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Nonbinary Realities


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I want to thank Dennis Rodkin for writing and the Reader for headlining the 2/2/07 article "What Sex Am I?" As a sexologist, I believe this story is important because it helps readers to think outside the socially constructed either/or categories of male/female or heterosexual/homosexual. The scientific evidence demonstrates that rather than a binary either/or, there exists in nature a spectrum of biological variability. With this broader perspective we can more readily affirm individuality rather than stigmatize differences. Only by challenging cultural assumptions of male/female oppositions will women achieve social equality. (We have not yet passed an equal rights amendment, have we?) Similarly, challenging assumptions of homosexual/heterosexual binary difference is important for achieving equality of social rights, whatever our fluid and dynamic sexualities and gender performances might be.

In particular, two points motivated my response. First, a 2005 Chicago conference of medical professionals is mentioned which called for replacing the term intersex with disorders of sexual development or DSD. It is further noted that the Intersex Society of North America, ISNA, did not change its name. Think about why ISNA or any intersexed person might prefer to retain the descriptive terminology intersex to accepting the stigmatizing label of disordered. The reinforcement of negative self-image and social consequences of such negative medical labeling make me wonder about the degree of representation of the intersexed and sexologists at the conference.

The second point appears on page 19. Alice Dreger, Joel Frader, and Jorge Daaboul deserve recognition and praise for the progressive evolution of their thinking and Frader and Daaboul for their paradigm-shifting article. However, the following quotes indicate the need for further evolution and conceptual shifting:

"So how do you raise a nongendered child? You don't, says Dreger: 'You have to assign the child a gender, because there are boys and there are girls.'" (Probably the late John Money's line of thinking about sex-reassignment surgery.) "Frader adds, 'You can assign a gender and raise the child as a boy or a girl without assigning a sex.'"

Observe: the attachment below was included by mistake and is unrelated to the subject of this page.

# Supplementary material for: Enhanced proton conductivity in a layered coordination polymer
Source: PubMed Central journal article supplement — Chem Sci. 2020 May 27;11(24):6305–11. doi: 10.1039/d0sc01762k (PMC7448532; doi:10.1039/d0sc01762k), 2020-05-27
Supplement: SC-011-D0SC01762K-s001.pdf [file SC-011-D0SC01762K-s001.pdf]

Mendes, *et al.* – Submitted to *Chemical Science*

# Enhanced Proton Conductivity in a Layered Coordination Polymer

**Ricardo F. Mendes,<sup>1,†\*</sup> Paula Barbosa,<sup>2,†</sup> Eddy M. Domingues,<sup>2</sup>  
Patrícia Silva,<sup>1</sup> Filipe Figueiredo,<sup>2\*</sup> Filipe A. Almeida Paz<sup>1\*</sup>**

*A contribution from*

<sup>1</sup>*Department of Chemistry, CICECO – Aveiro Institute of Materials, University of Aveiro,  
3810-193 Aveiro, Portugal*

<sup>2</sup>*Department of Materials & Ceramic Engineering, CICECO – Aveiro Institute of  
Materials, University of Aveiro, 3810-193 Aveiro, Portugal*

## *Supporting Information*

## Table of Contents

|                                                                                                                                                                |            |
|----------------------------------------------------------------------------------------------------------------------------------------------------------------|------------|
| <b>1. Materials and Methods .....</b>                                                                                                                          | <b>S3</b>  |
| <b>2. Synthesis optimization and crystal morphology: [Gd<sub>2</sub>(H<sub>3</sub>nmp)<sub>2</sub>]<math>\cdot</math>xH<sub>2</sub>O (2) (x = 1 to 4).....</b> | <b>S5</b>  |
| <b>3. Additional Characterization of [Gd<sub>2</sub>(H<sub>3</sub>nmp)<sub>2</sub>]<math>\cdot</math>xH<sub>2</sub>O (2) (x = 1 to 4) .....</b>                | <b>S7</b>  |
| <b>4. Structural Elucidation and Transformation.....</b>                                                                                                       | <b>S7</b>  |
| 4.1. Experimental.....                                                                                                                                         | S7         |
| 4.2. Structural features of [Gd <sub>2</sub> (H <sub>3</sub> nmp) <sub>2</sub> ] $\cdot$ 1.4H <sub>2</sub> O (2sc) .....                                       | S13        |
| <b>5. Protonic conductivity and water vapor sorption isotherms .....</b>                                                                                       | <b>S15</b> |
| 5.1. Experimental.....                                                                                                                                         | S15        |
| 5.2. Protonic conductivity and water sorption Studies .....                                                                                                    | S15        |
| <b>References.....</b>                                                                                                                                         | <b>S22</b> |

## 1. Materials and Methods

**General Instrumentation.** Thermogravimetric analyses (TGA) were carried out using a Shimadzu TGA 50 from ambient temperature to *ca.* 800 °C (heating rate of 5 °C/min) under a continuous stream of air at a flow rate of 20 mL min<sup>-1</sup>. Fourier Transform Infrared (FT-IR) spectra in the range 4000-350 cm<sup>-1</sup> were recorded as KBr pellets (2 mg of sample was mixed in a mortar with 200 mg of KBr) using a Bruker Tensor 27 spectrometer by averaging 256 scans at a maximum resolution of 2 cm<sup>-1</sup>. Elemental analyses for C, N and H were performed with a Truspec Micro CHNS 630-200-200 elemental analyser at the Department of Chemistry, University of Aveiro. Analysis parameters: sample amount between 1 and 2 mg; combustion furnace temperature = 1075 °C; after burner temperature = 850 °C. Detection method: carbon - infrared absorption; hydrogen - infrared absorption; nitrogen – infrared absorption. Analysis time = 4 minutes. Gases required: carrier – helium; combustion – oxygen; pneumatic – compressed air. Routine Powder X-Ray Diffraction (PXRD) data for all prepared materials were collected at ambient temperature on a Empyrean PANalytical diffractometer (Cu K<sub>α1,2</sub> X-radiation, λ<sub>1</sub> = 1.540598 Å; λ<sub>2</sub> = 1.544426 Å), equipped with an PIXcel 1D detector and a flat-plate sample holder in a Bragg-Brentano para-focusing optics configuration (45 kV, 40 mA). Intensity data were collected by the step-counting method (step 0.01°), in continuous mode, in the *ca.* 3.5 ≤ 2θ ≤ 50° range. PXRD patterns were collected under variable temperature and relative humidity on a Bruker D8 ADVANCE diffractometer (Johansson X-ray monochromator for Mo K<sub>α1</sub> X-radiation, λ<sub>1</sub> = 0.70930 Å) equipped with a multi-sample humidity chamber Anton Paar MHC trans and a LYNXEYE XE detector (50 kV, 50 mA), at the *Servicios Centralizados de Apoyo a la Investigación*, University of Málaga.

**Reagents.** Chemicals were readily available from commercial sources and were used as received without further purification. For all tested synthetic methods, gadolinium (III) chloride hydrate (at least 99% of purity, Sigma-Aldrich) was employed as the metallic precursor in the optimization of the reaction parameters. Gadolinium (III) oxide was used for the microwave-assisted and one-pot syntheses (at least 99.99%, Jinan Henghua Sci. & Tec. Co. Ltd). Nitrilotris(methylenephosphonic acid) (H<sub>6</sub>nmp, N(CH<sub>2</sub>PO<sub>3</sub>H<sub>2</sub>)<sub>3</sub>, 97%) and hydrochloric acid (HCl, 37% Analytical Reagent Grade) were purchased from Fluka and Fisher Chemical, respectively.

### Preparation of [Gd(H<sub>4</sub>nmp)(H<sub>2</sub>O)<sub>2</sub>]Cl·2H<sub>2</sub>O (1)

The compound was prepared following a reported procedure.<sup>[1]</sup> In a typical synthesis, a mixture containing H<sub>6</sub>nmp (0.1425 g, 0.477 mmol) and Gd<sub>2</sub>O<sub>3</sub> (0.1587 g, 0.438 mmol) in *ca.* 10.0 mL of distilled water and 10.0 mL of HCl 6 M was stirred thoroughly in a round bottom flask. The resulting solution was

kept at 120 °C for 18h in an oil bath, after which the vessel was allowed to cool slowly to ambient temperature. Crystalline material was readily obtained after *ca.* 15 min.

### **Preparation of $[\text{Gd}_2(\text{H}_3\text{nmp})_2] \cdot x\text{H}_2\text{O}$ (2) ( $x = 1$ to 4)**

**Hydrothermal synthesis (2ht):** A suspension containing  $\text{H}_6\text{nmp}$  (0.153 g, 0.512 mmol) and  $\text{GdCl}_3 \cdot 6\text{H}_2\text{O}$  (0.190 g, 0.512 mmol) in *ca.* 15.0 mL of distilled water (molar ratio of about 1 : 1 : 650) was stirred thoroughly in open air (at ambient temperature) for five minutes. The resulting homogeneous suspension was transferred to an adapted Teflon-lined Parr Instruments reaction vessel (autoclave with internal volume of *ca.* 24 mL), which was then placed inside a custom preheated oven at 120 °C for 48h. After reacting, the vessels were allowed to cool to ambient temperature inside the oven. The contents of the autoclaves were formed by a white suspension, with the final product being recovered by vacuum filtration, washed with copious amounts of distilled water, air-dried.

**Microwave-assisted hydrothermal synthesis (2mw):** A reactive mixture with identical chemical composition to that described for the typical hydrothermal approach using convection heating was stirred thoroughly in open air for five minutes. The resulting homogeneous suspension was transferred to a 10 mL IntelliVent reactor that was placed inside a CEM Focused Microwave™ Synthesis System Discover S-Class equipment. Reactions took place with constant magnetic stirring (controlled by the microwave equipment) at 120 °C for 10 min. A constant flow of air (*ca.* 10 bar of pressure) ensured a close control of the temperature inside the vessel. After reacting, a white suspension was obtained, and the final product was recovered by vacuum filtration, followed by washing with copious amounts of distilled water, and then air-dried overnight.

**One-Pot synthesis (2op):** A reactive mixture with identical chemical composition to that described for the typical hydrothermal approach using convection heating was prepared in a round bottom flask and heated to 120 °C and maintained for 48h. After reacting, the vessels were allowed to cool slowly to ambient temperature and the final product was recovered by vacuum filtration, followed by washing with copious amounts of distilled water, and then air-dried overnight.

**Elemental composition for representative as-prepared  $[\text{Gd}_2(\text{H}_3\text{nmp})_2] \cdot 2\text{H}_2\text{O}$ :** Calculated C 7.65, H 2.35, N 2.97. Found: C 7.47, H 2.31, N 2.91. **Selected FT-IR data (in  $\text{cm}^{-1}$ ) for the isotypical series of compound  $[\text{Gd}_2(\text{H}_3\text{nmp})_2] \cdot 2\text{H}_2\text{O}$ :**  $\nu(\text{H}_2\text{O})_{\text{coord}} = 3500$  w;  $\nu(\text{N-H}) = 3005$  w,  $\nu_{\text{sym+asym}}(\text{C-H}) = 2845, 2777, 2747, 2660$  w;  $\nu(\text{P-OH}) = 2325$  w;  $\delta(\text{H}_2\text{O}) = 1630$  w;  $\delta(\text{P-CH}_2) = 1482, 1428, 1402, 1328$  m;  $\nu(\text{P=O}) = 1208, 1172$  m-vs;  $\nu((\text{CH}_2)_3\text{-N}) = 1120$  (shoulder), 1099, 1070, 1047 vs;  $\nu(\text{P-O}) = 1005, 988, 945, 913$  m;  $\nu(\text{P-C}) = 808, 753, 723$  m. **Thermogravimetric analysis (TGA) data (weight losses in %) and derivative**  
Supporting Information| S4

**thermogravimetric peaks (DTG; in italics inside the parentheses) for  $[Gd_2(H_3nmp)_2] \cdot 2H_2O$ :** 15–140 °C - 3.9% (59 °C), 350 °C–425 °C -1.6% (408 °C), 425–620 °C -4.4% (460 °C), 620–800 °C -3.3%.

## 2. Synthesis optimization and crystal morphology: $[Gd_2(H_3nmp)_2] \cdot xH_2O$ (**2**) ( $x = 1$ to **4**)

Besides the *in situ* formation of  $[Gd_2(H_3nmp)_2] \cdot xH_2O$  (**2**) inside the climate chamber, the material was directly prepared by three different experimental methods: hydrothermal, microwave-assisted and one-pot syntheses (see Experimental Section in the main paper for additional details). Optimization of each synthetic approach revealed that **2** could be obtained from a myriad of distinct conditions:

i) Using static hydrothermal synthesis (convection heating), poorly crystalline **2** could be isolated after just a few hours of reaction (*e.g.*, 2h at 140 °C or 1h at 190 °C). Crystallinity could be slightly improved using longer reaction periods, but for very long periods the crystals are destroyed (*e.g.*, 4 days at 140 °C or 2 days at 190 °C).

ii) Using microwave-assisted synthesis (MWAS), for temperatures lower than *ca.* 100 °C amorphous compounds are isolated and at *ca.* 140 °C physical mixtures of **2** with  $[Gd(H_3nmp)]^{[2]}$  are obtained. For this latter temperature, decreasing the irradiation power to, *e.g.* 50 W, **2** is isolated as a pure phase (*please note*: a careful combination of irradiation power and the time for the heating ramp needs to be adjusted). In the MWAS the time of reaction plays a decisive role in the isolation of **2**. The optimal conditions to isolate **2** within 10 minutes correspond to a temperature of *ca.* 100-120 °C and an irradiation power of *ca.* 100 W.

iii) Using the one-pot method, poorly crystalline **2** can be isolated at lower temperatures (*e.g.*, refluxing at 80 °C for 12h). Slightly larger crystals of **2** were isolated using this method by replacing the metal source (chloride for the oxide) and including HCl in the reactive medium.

While I applaud postponing "the choice" and reassigning decision making from physician initially to parents and, after the medical journal article, to the intersexed person, "the choice" seems to remain conceptualized as binary, either man or woman. . . .

In taking sexual histories, again and again I find people "doing sex" but unable to comfortably talk about what they do even with their partners and closest friends and worrying, "Am I normal?" Sex therapists know that many fewer of them would be needed if more sex educators existed for primary prevention of the "problems" for which they are consulted. . . .

Sexology is the science of what people actually do sexually and how they really feel about it. Sex education needs to be sexologically based and, like all other education, focused on skill development. . . . We need to create venues where sexually active people of all ages and orientations can receive the information needed to optimize the safety and pleasure of their sexuality. . . . Certainly medical professionals need sexological education also, since the majority do not receive it as a requirement in their professional training, even though so much about sexuality has been medicalized, appropriately or not. Sex education for medical professionals needs to be just as science based as the rest of their curriculum, based on sexology not sexosophy.

Jerry Lama, R.N., A.C.S.

W. Ridge

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